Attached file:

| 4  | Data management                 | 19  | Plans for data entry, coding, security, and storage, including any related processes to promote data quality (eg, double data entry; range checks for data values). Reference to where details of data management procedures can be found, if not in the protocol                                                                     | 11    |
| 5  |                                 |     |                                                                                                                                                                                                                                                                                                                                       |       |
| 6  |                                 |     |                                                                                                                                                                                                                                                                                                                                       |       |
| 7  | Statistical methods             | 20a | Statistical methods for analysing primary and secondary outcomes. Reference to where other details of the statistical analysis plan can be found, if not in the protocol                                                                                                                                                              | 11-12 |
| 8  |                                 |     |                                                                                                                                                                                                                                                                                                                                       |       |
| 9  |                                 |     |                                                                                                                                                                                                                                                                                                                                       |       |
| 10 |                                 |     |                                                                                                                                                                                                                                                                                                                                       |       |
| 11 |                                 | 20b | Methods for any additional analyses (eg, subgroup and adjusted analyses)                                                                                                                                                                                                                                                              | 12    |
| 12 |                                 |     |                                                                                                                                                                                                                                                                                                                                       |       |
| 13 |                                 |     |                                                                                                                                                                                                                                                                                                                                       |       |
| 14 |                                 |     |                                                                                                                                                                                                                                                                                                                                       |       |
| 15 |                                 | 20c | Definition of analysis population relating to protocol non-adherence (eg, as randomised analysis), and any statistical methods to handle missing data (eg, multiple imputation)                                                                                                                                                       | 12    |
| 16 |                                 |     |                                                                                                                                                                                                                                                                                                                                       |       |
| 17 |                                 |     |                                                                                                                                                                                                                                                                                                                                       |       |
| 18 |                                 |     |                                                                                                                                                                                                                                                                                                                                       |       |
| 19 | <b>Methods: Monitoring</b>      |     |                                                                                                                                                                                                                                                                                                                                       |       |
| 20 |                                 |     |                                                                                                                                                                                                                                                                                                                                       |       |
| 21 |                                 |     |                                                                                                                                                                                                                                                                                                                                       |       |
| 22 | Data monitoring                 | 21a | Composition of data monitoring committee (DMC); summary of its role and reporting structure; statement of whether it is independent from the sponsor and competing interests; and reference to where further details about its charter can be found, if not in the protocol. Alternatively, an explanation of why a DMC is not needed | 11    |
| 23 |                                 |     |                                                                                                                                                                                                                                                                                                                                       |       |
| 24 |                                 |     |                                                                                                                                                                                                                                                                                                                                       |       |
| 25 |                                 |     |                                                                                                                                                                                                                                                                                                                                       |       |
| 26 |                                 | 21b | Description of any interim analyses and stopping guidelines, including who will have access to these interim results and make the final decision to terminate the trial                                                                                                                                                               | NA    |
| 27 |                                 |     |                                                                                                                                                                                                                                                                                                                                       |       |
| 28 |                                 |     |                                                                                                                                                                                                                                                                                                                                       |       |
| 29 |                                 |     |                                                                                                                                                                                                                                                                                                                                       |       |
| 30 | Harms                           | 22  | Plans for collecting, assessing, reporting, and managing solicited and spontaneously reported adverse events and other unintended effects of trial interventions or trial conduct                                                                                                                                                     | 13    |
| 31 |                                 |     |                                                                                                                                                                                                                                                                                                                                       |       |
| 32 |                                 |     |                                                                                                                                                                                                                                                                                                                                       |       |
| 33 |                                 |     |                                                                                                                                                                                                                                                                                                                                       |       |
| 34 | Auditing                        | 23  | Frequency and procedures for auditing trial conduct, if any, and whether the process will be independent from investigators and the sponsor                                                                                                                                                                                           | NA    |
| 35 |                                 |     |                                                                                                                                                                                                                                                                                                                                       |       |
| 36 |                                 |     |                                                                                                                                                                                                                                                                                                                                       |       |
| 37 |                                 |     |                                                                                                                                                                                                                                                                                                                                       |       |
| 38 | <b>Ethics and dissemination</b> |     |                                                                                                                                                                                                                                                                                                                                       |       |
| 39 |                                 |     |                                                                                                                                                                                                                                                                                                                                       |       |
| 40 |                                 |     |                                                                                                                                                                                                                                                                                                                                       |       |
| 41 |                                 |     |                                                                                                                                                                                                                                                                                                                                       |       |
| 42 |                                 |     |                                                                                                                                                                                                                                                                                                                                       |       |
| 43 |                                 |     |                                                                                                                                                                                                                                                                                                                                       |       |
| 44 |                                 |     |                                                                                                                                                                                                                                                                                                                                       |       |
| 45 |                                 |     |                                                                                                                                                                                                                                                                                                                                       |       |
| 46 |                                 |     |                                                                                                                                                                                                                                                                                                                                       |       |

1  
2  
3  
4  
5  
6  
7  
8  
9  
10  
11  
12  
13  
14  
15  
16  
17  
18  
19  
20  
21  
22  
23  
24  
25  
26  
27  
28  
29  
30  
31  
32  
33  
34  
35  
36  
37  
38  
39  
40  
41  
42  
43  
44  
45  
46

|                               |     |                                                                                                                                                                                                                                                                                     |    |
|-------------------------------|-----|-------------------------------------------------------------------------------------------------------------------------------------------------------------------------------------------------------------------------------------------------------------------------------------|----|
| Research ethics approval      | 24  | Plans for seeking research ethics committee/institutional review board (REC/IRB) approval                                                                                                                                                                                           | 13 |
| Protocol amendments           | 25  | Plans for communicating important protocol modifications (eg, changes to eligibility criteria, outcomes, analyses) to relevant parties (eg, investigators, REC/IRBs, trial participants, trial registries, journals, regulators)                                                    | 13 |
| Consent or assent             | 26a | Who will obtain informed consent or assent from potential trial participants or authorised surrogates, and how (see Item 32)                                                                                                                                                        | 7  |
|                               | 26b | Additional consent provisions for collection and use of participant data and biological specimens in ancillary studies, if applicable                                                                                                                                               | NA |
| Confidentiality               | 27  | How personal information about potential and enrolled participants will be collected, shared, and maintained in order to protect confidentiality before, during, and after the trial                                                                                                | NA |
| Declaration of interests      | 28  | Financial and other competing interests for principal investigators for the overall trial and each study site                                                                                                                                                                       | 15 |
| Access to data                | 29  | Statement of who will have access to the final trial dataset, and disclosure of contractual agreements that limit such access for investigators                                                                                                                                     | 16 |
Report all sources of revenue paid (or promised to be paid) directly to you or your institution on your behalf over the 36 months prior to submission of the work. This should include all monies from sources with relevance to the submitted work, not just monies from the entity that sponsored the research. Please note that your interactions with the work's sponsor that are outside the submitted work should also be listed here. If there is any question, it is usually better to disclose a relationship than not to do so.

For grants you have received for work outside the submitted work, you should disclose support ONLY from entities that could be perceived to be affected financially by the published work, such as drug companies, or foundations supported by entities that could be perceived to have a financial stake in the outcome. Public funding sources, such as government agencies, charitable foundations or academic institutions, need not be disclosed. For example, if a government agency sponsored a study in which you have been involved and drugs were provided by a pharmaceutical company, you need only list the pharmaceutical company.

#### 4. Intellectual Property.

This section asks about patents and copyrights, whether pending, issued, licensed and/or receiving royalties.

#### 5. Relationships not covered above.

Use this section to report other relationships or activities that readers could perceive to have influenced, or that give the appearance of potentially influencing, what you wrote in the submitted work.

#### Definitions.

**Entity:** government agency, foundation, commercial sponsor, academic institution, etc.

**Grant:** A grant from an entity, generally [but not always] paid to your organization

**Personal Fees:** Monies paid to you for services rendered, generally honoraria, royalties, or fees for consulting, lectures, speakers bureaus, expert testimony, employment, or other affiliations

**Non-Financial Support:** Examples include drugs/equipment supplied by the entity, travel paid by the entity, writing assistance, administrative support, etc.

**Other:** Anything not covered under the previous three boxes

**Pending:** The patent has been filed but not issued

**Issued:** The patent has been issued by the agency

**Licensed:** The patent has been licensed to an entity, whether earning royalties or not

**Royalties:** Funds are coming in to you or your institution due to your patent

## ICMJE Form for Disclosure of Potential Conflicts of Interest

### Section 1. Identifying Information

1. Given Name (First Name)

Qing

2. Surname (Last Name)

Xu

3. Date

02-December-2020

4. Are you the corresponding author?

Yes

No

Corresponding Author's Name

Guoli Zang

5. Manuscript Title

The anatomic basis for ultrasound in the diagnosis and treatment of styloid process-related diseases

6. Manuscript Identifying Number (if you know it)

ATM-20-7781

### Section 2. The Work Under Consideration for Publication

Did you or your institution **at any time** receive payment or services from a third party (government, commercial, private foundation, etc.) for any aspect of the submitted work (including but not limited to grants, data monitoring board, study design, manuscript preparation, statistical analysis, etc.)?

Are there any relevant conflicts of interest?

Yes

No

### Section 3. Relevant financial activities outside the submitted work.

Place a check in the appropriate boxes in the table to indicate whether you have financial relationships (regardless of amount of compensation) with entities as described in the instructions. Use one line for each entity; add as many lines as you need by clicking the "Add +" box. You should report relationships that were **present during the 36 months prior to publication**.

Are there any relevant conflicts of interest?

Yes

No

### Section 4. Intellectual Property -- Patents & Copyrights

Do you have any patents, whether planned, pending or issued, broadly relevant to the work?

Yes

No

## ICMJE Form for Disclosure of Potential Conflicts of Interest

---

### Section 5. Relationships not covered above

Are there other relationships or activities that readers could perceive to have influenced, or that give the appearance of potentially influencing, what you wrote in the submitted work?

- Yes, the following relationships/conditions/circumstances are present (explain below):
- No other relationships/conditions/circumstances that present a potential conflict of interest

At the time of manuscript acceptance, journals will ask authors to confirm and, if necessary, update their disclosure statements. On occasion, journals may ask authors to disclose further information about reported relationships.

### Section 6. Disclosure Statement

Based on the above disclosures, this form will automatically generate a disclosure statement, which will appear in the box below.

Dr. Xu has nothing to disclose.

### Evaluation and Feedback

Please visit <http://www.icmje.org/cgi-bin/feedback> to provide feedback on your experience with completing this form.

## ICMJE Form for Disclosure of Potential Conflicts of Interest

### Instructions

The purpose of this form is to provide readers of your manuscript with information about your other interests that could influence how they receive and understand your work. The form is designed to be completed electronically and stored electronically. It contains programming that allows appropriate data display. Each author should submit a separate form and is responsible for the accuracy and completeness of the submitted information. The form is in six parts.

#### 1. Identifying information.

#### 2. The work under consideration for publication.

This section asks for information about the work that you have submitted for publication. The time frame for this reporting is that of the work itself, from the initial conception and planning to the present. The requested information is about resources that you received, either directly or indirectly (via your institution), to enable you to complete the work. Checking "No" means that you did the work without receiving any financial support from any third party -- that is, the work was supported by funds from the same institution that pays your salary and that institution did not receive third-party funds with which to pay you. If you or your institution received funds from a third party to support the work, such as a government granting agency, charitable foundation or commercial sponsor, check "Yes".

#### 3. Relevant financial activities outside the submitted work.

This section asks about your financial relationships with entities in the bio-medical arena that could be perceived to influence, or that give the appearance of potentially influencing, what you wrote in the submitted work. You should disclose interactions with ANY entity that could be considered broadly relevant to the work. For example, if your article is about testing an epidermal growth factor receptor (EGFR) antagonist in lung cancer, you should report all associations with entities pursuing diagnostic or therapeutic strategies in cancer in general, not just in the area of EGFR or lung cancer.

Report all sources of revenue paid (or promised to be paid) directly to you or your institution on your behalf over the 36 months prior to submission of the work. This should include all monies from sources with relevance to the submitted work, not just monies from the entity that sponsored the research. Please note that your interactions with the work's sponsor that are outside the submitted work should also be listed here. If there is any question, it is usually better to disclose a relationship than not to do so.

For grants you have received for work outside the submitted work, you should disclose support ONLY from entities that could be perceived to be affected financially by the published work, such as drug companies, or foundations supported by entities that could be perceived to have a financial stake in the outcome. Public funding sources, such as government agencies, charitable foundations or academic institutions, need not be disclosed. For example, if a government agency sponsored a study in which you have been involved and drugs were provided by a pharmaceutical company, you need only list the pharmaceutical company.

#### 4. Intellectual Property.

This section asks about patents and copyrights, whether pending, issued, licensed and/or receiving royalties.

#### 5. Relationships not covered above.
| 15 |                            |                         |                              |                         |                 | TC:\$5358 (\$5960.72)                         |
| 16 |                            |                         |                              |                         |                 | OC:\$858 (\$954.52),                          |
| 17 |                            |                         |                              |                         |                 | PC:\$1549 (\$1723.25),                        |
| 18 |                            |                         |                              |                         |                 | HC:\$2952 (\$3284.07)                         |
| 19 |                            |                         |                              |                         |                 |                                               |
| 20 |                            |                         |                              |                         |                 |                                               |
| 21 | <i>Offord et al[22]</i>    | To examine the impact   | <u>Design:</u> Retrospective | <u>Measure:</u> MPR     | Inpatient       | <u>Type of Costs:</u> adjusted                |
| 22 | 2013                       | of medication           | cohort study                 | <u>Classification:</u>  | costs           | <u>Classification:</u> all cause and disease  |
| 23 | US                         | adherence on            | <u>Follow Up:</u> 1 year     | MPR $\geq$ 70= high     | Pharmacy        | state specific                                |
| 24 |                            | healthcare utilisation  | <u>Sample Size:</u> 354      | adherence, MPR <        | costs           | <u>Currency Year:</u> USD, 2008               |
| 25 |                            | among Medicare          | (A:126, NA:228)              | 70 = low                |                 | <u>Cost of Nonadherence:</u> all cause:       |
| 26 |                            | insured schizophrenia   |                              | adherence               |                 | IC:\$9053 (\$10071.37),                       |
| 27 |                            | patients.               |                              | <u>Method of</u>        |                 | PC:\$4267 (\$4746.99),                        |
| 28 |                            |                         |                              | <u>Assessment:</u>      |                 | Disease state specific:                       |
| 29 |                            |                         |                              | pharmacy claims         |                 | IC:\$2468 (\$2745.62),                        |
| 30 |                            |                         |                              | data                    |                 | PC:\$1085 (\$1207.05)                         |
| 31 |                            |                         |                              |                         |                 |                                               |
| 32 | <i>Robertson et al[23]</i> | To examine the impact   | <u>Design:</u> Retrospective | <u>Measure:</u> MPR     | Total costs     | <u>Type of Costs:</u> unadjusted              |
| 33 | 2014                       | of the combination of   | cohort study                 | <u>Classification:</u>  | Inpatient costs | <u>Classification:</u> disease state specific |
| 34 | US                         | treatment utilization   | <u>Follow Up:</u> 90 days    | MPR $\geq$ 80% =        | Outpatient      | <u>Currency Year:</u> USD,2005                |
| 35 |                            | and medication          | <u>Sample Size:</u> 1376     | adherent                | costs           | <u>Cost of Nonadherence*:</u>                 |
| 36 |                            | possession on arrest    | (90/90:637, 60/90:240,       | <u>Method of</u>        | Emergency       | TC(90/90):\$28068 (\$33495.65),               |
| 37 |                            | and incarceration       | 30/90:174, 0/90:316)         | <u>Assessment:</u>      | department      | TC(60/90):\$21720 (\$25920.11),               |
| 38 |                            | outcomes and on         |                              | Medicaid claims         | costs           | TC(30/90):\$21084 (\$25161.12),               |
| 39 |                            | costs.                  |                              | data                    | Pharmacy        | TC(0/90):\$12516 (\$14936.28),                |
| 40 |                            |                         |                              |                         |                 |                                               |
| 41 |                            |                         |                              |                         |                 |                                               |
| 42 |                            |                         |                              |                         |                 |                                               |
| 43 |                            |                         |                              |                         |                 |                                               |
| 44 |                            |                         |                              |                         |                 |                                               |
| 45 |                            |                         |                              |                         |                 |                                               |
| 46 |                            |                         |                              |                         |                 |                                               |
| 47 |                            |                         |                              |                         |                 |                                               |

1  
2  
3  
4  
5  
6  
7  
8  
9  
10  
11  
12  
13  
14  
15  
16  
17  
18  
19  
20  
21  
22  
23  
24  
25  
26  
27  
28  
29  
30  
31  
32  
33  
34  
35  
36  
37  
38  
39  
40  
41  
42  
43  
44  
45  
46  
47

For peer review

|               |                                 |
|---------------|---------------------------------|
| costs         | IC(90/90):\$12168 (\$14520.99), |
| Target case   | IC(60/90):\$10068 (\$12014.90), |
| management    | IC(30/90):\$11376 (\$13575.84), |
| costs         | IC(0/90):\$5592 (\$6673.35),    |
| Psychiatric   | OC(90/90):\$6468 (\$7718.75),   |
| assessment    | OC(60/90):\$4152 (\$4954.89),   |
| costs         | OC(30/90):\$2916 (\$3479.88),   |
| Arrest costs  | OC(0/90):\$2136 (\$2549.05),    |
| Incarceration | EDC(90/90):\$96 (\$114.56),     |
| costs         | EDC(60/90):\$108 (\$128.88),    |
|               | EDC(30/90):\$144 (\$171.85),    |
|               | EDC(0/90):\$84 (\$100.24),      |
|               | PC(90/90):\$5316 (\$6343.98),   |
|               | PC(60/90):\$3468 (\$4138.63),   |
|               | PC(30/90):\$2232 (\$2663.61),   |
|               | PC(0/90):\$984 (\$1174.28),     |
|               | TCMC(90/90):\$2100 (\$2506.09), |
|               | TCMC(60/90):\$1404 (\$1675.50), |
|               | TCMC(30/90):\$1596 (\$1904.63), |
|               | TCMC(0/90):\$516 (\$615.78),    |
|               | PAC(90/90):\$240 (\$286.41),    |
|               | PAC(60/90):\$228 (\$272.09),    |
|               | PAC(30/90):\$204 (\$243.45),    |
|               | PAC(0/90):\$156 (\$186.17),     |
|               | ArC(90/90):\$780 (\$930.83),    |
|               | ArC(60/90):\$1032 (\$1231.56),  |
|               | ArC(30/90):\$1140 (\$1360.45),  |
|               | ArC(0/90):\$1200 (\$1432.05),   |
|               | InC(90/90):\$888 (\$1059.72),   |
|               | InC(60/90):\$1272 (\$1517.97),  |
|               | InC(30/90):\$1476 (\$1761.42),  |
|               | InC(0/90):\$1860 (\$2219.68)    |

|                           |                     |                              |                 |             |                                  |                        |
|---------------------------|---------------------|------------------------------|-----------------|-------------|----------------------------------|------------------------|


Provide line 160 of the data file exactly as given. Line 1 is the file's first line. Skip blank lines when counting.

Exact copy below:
The purpose of this form is to provide readers of your manuscript with information about your other interests that could influence how they receive and understand your work. The form is designed to be completed electronically and stored electronically. It contains programming that allows appropriate data display. Each author should submit a separate form and is responsible for the accuracy and completeness of the submitted information. The form is in six parts.